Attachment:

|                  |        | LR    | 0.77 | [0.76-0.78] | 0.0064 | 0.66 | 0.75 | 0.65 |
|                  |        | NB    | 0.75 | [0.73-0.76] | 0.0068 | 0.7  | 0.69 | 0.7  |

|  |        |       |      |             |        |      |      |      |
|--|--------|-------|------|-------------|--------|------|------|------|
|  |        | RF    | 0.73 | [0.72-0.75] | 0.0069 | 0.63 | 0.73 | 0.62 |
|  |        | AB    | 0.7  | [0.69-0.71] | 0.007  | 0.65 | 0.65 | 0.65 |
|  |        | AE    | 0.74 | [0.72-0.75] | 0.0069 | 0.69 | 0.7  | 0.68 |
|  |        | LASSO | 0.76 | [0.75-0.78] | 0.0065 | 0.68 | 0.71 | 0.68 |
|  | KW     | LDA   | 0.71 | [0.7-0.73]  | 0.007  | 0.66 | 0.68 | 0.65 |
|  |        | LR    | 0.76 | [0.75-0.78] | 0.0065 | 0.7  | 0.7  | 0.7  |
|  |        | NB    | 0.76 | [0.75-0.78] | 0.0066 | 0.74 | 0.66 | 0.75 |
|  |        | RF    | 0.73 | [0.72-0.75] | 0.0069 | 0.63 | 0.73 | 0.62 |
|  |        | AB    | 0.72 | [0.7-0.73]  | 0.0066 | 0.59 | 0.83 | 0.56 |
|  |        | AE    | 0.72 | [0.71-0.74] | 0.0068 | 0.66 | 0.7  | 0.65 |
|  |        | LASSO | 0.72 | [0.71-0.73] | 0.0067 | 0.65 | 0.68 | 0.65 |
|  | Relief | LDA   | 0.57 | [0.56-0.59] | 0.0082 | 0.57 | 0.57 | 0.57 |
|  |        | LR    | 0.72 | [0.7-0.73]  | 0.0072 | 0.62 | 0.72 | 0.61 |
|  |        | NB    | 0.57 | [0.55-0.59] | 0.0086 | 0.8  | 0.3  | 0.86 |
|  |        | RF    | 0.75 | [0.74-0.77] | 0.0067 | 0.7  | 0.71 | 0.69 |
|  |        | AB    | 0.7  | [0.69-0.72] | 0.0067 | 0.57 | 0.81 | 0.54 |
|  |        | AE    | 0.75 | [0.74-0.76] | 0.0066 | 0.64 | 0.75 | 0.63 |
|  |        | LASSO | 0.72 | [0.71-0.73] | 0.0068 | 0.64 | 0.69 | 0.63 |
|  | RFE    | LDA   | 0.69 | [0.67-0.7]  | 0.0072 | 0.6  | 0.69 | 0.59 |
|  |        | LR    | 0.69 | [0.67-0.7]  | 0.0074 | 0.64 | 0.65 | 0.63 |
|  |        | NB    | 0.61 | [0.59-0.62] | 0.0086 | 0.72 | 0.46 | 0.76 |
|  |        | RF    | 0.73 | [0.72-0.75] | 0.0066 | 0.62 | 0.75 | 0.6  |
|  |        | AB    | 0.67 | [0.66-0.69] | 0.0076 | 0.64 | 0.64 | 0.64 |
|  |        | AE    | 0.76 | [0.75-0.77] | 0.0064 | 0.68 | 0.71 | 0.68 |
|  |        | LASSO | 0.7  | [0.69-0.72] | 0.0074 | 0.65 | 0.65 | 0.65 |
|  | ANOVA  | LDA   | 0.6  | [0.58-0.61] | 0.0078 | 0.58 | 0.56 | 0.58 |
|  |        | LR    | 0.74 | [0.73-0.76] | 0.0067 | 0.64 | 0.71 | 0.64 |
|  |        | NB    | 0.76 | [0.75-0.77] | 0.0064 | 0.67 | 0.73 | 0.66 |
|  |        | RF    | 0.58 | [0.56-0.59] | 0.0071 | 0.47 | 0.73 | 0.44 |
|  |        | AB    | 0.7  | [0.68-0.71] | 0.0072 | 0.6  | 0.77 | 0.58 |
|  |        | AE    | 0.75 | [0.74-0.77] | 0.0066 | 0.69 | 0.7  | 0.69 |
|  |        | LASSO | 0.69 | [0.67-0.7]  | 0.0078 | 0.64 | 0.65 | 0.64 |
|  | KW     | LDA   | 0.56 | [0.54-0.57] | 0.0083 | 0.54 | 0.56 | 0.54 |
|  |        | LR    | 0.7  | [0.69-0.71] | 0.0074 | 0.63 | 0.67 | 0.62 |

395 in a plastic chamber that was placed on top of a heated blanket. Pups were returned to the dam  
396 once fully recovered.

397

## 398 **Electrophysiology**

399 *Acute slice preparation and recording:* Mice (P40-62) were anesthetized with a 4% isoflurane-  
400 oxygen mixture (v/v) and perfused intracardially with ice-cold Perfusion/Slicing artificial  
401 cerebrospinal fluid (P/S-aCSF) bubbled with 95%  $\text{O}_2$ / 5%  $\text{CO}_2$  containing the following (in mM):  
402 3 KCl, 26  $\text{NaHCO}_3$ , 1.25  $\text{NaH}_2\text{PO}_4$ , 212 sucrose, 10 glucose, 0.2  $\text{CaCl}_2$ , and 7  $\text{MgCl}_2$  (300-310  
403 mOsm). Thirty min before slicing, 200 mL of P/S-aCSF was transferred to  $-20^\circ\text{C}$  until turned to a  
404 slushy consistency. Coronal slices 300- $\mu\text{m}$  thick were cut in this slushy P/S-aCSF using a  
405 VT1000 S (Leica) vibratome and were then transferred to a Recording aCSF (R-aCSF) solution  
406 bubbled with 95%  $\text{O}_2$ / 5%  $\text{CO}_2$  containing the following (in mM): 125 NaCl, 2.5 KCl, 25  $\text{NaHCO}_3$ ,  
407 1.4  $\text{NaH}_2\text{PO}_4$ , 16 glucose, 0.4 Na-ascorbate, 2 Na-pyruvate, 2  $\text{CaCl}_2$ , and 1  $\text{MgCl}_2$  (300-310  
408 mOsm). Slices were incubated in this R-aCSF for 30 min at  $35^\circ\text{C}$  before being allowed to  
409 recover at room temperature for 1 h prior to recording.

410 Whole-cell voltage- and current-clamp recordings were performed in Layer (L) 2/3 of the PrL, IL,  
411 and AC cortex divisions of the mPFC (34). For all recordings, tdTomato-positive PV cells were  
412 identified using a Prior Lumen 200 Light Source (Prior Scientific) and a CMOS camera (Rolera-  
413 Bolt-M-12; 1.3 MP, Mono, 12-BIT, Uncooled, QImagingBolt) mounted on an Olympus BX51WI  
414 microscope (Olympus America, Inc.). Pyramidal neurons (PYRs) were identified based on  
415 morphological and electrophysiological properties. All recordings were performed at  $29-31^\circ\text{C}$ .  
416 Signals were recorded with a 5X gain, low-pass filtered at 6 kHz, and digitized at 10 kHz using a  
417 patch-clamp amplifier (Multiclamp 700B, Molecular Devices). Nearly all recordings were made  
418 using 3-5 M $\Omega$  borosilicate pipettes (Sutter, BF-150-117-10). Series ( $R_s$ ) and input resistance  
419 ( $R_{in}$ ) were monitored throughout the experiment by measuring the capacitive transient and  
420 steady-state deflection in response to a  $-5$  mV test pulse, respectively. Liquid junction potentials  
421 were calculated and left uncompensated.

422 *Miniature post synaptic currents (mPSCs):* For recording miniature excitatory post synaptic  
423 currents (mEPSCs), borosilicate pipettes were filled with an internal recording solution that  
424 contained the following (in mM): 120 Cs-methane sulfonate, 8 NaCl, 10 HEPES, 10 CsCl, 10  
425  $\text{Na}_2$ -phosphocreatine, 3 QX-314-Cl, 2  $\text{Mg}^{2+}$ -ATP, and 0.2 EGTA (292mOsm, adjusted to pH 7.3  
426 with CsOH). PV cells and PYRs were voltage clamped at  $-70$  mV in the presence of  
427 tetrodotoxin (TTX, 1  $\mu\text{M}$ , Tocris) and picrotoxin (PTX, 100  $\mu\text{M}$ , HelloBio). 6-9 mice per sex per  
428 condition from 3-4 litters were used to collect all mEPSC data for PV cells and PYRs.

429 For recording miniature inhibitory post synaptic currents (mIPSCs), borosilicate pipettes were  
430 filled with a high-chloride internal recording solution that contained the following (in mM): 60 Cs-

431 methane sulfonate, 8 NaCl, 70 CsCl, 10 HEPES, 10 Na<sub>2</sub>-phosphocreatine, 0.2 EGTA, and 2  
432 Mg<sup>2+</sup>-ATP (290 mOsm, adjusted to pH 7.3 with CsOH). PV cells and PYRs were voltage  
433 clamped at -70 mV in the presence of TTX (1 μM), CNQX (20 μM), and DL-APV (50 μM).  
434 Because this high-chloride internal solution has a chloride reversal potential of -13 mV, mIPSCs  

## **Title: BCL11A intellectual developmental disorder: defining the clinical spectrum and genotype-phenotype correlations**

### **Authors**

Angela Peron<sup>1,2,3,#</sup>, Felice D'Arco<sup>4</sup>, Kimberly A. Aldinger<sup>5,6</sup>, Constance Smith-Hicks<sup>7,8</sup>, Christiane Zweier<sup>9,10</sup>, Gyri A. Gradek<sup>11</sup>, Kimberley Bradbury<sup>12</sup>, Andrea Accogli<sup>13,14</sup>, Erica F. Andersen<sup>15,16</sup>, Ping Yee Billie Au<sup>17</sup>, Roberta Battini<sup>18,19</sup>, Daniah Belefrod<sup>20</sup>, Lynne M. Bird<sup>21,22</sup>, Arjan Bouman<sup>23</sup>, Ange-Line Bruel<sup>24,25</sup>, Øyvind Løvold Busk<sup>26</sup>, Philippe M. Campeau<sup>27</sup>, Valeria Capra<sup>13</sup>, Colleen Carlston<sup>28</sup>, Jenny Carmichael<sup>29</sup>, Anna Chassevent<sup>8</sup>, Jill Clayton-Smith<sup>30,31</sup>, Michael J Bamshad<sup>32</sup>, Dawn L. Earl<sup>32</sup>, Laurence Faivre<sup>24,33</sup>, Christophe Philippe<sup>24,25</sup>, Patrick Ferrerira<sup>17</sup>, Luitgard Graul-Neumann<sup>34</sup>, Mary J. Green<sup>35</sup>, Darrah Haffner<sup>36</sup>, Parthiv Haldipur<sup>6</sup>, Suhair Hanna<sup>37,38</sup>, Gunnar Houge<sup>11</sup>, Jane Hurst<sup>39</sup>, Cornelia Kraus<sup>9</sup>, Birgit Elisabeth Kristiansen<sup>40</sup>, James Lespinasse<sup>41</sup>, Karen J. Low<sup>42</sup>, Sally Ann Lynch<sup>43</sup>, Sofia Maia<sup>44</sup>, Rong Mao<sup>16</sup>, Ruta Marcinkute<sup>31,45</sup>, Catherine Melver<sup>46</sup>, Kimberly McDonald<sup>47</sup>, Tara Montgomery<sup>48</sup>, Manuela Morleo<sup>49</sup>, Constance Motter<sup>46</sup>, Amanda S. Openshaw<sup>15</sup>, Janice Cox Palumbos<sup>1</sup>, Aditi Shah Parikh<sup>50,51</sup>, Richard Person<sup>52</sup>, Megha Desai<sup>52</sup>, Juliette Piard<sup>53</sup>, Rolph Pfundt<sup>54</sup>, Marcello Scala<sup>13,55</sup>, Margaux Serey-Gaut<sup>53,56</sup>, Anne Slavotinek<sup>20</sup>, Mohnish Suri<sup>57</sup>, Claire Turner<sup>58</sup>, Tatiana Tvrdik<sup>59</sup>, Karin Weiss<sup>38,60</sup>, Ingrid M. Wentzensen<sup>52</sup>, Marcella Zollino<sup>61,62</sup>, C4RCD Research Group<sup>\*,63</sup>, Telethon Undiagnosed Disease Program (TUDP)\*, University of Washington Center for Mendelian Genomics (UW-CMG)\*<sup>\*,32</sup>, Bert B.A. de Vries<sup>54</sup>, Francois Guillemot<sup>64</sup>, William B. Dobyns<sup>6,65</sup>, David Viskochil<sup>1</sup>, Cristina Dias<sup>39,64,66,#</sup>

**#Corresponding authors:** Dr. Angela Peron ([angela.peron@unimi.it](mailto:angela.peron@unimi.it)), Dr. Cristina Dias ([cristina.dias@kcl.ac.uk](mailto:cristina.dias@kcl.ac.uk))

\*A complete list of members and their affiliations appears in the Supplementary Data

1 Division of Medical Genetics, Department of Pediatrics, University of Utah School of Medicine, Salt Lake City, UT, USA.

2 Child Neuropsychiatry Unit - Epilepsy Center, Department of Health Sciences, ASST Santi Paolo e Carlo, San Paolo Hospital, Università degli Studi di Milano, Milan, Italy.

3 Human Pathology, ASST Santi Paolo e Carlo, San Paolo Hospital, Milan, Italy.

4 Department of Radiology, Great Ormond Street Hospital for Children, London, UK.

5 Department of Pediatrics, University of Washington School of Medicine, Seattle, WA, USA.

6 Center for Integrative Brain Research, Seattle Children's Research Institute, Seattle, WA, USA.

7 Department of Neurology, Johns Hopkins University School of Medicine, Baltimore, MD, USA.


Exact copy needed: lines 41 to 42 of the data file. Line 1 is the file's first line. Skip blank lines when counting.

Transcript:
397

## 398 **Electrophysiology**